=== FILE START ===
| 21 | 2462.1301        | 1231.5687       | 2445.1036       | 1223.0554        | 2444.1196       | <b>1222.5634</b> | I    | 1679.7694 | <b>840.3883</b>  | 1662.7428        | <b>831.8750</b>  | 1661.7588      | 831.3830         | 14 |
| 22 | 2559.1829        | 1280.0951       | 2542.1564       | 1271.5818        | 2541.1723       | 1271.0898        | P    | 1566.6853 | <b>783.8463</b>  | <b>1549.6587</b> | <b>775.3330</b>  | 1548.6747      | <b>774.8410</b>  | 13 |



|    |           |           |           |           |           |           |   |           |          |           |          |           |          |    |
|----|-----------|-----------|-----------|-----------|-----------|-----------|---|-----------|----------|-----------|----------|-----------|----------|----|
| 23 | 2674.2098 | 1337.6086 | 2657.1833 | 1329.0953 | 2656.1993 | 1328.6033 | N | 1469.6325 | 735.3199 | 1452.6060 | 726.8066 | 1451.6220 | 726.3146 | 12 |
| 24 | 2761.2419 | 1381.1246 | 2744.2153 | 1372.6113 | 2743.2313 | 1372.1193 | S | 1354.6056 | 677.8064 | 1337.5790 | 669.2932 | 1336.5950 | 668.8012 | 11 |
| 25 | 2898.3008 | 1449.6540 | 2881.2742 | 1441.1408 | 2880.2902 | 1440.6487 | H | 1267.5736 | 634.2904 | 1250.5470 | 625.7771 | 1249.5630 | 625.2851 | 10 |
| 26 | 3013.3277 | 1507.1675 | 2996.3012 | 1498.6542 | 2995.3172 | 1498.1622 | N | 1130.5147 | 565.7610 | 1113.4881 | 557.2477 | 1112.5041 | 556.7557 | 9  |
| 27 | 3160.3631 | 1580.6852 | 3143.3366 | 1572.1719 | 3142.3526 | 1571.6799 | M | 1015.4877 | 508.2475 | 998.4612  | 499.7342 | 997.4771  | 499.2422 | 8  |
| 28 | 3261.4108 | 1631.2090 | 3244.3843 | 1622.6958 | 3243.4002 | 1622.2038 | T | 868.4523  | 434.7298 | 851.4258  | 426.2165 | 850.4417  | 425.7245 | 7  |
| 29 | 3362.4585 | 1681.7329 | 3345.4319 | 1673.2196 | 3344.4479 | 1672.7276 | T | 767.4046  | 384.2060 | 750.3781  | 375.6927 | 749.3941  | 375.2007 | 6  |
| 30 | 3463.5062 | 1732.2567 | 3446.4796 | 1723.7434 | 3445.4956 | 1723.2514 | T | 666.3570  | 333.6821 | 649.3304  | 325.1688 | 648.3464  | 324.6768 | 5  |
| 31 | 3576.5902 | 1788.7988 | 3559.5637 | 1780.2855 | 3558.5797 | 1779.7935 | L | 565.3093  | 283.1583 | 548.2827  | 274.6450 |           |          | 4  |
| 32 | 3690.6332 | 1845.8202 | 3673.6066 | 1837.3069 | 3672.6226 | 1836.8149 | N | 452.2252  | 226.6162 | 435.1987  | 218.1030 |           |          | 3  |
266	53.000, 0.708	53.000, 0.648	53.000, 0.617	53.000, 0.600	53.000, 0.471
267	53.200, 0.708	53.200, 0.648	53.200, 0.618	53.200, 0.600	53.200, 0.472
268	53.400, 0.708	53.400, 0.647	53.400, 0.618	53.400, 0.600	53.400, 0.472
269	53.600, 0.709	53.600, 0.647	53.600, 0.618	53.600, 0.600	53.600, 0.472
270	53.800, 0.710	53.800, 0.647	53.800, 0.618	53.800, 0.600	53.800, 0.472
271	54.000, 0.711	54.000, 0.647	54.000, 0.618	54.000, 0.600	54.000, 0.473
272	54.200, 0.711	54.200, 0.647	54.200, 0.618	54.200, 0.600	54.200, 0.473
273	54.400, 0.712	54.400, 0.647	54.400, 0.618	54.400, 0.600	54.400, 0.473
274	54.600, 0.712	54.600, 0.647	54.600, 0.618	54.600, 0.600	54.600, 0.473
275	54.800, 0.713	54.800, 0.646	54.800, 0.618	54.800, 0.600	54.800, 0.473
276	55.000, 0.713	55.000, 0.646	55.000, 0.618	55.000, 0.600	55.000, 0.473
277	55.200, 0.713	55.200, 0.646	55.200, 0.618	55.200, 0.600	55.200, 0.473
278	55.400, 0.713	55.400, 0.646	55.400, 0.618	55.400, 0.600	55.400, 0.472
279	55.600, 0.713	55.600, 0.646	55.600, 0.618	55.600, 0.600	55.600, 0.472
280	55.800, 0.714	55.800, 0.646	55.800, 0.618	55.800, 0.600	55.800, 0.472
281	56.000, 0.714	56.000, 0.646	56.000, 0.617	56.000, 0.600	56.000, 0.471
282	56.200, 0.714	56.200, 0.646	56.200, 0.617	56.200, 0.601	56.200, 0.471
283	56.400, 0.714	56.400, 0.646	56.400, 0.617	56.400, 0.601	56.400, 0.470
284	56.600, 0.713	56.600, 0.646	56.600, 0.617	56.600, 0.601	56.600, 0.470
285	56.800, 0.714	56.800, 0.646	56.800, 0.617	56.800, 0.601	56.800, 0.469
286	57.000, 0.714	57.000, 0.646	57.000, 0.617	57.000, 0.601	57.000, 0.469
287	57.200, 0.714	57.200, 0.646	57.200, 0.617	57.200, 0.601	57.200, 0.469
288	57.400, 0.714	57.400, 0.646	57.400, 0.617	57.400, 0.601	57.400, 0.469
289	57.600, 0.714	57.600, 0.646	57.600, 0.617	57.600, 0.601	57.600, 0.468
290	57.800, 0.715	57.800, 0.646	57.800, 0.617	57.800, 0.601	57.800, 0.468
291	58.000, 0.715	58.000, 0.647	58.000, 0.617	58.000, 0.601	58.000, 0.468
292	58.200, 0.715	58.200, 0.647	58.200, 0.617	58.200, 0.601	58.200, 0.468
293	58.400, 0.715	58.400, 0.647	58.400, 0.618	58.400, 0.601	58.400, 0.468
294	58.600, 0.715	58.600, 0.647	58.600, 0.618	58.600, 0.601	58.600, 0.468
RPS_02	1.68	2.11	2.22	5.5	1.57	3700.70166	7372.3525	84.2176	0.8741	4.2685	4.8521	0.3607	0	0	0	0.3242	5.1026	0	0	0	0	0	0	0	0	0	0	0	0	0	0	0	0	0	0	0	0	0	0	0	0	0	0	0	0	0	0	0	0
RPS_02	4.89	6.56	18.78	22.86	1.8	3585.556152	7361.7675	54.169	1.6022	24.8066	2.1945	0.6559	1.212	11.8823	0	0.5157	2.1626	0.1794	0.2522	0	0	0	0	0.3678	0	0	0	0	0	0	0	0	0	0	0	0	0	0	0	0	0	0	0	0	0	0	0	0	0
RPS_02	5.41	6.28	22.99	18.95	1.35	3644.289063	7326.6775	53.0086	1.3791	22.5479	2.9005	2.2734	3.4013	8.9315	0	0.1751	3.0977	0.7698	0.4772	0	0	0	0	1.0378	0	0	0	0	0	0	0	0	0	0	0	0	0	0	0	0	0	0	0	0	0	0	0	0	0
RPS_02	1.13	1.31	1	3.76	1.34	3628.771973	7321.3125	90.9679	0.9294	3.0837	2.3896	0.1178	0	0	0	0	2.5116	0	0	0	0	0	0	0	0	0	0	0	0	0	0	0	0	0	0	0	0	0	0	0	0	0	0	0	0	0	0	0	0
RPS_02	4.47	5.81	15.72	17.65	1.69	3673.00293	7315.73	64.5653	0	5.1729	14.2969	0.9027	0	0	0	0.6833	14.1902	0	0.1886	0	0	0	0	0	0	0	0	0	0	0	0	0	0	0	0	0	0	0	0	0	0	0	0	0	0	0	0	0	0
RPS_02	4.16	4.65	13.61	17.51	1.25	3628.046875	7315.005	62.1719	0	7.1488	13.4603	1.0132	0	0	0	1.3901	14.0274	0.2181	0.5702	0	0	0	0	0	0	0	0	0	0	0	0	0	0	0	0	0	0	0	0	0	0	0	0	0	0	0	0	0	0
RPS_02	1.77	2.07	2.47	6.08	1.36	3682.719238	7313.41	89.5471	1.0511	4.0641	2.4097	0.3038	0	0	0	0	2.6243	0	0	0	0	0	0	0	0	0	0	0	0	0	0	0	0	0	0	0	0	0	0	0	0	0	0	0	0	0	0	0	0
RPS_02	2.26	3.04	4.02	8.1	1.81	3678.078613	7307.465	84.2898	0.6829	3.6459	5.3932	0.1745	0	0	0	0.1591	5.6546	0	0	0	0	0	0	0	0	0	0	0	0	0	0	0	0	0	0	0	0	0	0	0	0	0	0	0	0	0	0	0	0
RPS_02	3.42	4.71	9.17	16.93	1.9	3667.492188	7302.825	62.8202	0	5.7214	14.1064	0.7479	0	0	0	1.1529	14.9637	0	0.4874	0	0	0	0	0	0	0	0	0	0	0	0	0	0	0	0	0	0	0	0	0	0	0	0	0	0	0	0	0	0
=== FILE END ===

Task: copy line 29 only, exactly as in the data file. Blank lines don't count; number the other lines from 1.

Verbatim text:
280	55.800, 0.714	55.800, 0.646	55.800, 0.618	55.800, 0.600	55.800, 0.472